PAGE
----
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By Richard Kallet, MS, RRT, FCCM
Director of Quality Assurance, Respiratory Care Services, Department of Anesthesia, San Francisco General Hospital
Mr. Kallet reports he is a major stockholder in the Asthma & Allergy Prevention Company, and receives grant/research support from Nihon Kohden.
SOURCE: Cavalcanti AB, et al. Effect of lung recruitment and titrated positive end-expiratory pressure (PEEP) vs low PEEP on mortality in patients with acute respiratory distress syndrome: A randomized clinical trial. JAMA 2017;318:1335-1345.
The authors of this multinational, prospective, randomized, controlled trial enrolled more than 1,000 subjects with moderate to severe acute respiratory distress syndrome (ARDS) within 72 hours of onset. These patients received either 1) an open lung ventilation (OLV) strategy in which a neuromuscular blockade was administered, followed by a lung recruitment maneuver (RM) with incremental positive end-expiratory pressure (PEEP) levels titrated to the best respiratory-system static compliance, or 2) a conventional low-PEEP lung-protective ventilation (LPV) strategy. Patients had to be hemodynamically stable and without evidence of barotrauma.
At baseline, there was no difference between treatment arms in terms of demographics, illness severity, comorbidities, pulmonary mechanics, gas exchange, or in achieved LPV goals. Sixty-two percent of subjects demonstrated a pulmonary source of ARDS and 67% exhibited septic shock. Of those randomized to OLV, 96% received an initial RM, and 78% received an RM following the PEEP decrement trial. Approximately 63% of subjects required no further RMs vs. 9% who required three or more maneuvers during the trial. On the first two study days, mean PEEP levels were approximately 4 cm H2O higher in the OLV vs. low-PEEP groups (16.2 vs. 12.0 and 14.2 vs. 10.5 cm H2O, respectively). Mean plateau and driving pressures were significantly higher in the OLV group, yet both variables were well within accepted LPV boundaries for each group. Mortality in the OLV group was significantly higher at both day 28 and at six months compared to the control low-PEEP group (55.3 vs. 49.3% and 65.3 vs. 59.9%, respectively). The OLV group experienced slightly fewer ventilator-free days than the conventional low-PEEP group; however, both intensive care and hospital lengths of stay were not different.
ARDS presenting with severe hypoxemia refractory to high PEEP levels often reflects the contribution of enormous compressive forces emanating from reduced chest wall compliance. Over several decades, mounting evidence suggests that inspiratory pressures between 40-60 cm H2O are necessary to fully recruit dorsal-caudal regions and reverse intractable hypoxemia. While the mechanical foundation for a recruitment maneuver is sound, its application in ARDS has remained uncertain given both the heterogeneous nature of lung injury and the inability to ascertain the amount of potentially recruitable lung vs. consolidated lung. Moreover, the degree to which atelectrauma contributes to lung injury and mortality risk in ARDS has (up to this point) remained unanswered.
Clearly, the Cavalcanti et al study indicates that an open lung ventilation strategy with recruitment maneuvers and higher PEEP should not be used routinely in the management of ARDS. Nonetheless, more in-depth analysis of the study results is needed to determine how OLV should be used going forward. At this juncture, it would be unwise to reject the use of RM in ARDS categorically. First, 63% of subjects received only two RMs, the duration of which was a total of eight minutes at plateau pressures of 40-60 cm H2O at a safe driving pressure. Given what is known about ventilator-induced lung injury, it’s implausible that such brief exposure could affect mortality that profoundly.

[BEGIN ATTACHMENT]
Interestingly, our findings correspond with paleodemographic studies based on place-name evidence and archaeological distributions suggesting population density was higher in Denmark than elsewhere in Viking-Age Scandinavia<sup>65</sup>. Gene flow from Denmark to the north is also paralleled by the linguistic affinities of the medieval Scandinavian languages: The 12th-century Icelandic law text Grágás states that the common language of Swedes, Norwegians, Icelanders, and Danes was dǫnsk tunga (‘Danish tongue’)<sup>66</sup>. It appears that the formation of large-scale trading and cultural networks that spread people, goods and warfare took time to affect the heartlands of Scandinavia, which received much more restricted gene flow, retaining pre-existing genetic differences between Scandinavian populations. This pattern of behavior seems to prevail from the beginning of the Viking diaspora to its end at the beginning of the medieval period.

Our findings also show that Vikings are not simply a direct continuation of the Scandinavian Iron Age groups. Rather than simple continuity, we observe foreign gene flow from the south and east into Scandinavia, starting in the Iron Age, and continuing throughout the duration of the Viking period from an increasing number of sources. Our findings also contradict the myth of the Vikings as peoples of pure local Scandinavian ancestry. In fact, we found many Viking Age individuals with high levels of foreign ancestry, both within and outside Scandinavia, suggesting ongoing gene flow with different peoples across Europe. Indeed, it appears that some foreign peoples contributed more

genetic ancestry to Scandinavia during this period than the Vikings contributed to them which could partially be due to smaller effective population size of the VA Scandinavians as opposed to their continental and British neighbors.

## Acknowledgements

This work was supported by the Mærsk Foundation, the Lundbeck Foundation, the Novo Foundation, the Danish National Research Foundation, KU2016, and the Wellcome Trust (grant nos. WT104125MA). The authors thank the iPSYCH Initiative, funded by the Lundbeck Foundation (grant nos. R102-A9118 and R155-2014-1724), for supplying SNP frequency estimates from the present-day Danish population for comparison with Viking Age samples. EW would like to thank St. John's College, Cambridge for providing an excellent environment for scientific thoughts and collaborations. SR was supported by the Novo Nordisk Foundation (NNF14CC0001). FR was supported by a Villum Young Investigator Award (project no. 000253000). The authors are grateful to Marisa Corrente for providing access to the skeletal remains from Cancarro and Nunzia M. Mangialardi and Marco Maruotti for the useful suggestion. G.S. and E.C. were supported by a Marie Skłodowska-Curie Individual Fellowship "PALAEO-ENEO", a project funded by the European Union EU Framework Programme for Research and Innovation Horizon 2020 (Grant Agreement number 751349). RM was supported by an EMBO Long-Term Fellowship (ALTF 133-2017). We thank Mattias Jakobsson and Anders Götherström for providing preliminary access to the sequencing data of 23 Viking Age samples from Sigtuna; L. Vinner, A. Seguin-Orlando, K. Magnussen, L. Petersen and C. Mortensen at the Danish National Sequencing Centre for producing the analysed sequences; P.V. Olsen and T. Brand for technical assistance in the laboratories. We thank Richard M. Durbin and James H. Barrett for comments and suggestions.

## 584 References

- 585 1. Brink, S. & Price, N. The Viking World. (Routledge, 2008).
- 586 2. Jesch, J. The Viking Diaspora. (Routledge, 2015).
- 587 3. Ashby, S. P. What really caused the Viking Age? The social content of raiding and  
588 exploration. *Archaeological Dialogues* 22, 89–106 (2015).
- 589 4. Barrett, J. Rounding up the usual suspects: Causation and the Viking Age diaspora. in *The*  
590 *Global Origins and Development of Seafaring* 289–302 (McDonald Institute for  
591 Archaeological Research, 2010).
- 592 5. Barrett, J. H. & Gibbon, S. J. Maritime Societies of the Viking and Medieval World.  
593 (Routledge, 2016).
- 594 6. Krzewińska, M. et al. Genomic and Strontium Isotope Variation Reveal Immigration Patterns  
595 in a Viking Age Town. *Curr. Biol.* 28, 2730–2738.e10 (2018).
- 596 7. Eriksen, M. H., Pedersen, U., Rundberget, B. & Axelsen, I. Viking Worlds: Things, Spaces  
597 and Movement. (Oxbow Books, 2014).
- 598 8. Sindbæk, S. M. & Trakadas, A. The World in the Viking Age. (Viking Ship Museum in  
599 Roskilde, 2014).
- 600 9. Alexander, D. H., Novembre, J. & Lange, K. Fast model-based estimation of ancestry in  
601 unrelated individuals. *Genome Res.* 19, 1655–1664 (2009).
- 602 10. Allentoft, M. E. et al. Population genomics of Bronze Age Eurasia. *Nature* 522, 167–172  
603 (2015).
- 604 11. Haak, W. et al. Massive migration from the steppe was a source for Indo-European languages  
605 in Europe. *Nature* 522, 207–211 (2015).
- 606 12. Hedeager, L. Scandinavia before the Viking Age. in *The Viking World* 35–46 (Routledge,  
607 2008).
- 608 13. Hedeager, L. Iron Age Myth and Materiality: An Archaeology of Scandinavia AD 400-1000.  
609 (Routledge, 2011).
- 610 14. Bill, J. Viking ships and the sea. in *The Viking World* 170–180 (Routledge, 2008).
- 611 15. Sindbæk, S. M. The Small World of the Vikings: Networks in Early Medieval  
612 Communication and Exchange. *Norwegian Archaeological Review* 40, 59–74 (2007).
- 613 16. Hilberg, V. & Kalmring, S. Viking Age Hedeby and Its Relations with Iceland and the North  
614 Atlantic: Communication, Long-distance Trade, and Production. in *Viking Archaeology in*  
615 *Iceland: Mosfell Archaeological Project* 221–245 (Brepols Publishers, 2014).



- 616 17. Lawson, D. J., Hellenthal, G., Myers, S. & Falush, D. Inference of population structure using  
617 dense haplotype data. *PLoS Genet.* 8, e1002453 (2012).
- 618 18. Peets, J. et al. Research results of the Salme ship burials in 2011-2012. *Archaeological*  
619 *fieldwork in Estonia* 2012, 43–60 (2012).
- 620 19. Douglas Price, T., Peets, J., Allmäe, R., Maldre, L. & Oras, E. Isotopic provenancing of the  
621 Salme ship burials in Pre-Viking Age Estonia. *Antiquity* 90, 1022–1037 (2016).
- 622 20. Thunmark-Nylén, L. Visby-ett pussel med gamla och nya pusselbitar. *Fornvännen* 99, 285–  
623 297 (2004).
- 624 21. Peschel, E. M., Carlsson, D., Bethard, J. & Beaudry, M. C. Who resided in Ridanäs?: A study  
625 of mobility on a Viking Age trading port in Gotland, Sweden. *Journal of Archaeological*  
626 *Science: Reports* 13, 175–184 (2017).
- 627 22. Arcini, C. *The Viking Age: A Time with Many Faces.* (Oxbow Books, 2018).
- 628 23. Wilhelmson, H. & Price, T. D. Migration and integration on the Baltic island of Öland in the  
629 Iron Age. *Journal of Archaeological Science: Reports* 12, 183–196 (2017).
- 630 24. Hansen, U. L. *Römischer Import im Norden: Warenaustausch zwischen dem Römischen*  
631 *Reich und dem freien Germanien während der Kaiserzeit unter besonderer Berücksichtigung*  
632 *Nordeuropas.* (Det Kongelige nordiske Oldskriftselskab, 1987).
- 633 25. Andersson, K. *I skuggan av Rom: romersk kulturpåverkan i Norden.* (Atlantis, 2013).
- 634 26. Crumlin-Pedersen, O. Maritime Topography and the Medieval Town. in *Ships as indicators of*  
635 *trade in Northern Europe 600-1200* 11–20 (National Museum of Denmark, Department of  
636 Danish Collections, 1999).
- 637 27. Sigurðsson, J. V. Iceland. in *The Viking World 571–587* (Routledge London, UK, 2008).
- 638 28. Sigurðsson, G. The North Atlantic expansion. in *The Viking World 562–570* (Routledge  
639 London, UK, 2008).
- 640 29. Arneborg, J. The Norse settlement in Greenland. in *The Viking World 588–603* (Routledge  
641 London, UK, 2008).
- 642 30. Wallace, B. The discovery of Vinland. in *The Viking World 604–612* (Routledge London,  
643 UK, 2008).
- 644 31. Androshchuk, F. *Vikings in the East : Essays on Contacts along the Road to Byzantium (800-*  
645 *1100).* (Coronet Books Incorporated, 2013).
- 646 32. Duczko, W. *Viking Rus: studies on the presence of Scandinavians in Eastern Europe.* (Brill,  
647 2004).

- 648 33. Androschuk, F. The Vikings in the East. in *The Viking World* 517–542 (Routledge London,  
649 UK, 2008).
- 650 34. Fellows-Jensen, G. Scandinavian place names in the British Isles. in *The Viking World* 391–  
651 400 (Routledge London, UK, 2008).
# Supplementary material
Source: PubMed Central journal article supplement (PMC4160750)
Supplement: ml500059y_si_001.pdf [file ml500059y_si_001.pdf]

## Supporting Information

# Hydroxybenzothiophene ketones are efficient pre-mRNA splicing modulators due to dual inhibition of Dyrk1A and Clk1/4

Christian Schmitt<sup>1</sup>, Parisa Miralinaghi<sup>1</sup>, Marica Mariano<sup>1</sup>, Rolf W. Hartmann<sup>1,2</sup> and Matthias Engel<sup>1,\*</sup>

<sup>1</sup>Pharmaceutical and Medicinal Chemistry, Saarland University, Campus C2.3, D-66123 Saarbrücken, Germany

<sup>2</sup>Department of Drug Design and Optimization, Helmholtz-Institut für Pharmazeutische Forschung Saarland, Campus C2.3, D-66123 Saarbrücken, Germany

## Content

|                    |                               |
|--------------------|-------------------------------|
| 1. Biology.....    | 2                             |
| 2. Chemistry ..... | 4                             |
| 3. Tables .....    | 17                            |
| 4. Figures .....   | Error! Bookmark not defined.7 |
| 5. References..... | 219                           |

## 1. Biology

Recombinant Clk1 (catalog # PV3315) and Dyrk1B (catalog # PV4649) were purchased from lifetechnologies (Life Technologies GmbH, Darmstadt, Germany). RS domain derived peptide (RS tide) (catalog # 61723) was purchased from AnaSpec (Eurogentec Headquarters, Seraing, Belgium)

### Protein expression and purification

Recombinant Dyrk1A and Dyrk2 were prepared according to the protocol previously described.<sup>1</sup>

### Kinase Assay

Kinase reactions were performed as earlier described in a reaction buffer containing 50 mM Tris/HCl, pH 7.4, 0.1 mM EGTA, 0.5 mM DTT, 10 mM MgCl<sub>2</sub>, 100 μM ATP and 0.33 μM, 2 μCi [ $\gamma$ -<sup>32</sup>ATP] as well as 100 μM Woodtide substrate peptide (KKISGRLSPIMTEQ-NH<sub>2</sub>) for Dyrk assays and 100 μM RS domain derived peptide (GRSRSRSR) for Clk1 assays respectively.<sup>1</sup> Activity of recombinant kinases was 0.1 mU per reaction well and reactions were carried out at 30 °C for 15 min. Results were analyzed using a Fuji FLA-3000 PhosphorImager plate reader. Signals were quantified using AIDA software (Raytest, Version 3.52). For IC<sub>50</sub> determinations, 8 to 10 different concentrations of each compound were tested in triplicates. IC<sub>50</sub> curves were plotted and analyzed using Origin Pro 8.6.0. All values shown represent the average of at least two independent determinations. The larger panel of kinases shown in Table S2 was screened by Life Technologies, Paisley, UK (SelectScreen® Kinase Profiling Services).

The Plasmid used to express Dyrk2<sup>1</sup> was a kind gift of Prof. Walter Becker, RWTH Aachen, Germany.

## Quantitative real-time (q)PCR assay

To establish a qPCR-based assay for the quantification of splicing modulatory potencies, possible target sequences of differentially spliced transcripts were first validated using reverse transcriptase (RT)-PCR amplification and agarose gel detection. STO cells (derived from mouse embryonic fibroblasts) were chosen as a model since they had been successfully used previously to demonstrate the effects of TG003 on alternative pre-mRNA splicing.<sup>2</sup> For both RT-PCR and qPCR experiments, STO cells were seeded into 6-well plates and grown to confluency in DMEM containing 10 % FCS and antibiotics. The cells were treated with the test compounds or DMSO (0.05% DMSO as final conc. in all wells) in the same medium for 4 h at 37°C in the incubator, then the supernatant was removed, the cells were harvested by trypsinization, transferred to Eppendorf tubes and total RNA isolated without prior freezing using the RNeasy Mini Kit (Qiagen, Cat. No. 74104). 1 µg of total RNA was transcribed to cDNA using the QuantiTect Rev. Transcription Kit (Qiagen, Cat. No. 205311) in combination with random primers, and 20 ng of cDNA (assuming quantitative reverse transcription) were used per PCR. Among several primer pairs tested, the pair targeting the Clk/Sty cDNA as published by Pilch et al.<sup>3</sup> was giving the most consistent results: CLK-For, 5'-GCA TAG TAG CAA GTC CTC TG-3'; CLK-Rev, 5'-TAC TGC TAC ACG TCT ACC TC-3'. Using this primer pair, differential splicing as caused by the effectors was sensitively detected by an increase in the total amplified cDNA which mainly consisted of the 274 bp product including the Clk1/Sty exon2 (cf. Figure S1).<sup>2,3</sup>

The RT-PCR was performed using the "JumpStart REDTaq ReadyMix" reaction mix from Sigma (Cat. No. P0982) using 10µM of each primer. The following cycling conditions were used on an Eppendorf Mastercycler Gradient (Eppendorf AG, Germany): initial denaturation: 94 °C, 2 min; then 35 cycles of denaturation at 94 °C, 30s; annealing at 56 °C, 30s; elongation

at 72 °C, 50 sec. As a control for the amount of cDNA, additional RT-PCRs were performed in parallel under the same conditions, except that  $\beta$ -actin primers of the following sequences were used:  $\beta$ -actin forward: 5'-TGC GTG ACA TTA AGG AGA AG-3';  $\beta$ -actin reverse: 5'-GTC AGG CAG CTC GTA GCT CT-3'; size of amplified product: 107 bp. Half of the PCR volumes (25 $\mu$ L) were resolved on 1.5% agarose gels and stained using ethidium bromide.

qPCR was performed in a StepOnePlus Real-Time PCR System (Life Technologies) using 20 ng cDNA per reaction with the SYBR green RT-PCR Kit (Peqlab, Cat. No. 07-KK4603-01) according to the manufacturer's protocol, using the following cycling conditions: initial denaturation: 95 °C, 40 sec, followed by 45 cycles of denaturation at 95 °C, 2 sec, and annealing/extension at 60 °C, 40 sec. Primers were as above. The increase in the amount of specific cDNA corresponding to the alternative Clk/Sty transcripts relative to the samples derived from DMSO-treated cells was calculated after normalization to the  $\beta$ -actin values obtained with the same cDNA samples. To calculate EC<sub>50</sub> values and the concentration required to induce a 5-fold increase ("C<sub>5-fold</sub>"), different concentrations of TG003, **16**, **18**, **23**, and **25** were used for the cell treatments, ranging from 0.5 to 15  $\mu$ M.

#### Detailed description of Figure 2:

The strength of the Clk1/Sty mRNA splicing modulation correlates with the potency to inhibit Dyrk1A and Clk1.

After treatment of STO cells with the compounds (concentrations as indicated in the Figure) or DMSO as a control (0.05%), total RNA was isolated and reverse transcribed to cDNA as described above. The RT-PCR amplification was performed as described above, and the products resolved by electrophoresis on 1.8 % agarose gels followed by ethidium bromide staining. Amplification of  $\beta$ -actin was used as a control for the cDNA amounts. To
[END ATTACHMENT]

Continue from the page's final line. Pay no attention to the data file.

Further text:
What is plausible is that the 46 patients who received three or more RMs may have been harmed. Subjects requiring repeated RMs may have been less recruitable and more susceptible to aggravating a proinflammatory state in a study sample characterized by pulmonary ARDS and septic shock. This would include regional lung overdistension, the possibility of bacterial translocation, and repeated gastrointestinal ischemia/reperfusion injury.1,2 The higher mean PEEP levels in the OLV group would not explain the increased mortality, as it was only 3-4 cm H2O above the conventional low-PEEP group. In contrast, differences in mean PEEP in three previous major LPV studies (ALVEOLI, EXPRESS, LOVS) was 6-8 cm H2O. A similar relationship existed for higher mean plateau and driving pressures in those studies compared to the ART study.
What can we reasonably conclude at this juncture? The OLV strategy is not necessary for managing the vast majority of ARDS cases, and atelectrauma is unlikely to be a mortality driver when LPV incorporates reasonable levels of PEEP early in the acute phase (e.g., ~12-16 cm H2O). However, there exists a small subset of ARDS where these levels of PEEP and other ancillary therapies are insufficient. These situations are likely restricted to cases of severe lung injury complicated by markedly reduced chest wall compliance that necessitate the OLV strategy as a temporizing measure to stabilize oxygenation and reduce long-term exposure to hyperoxia. Unfortunately, given that these cases represent such a small minority of ARDS, we will never see an adequately powered study to provide conclusive evidence in a timely manner.
Financial Disclosure: Hospital Medicine Alert’s Physician Editor, Kenneth P. Steinberg, MD, Peer Reviewer Rachael Safyan, MD, Editor Jesse Saffron, Editor Jill Drachenberg, and Editorial Group Manager Terrey L. Hatcher report no relevant relationship related to the material presented in this issue.
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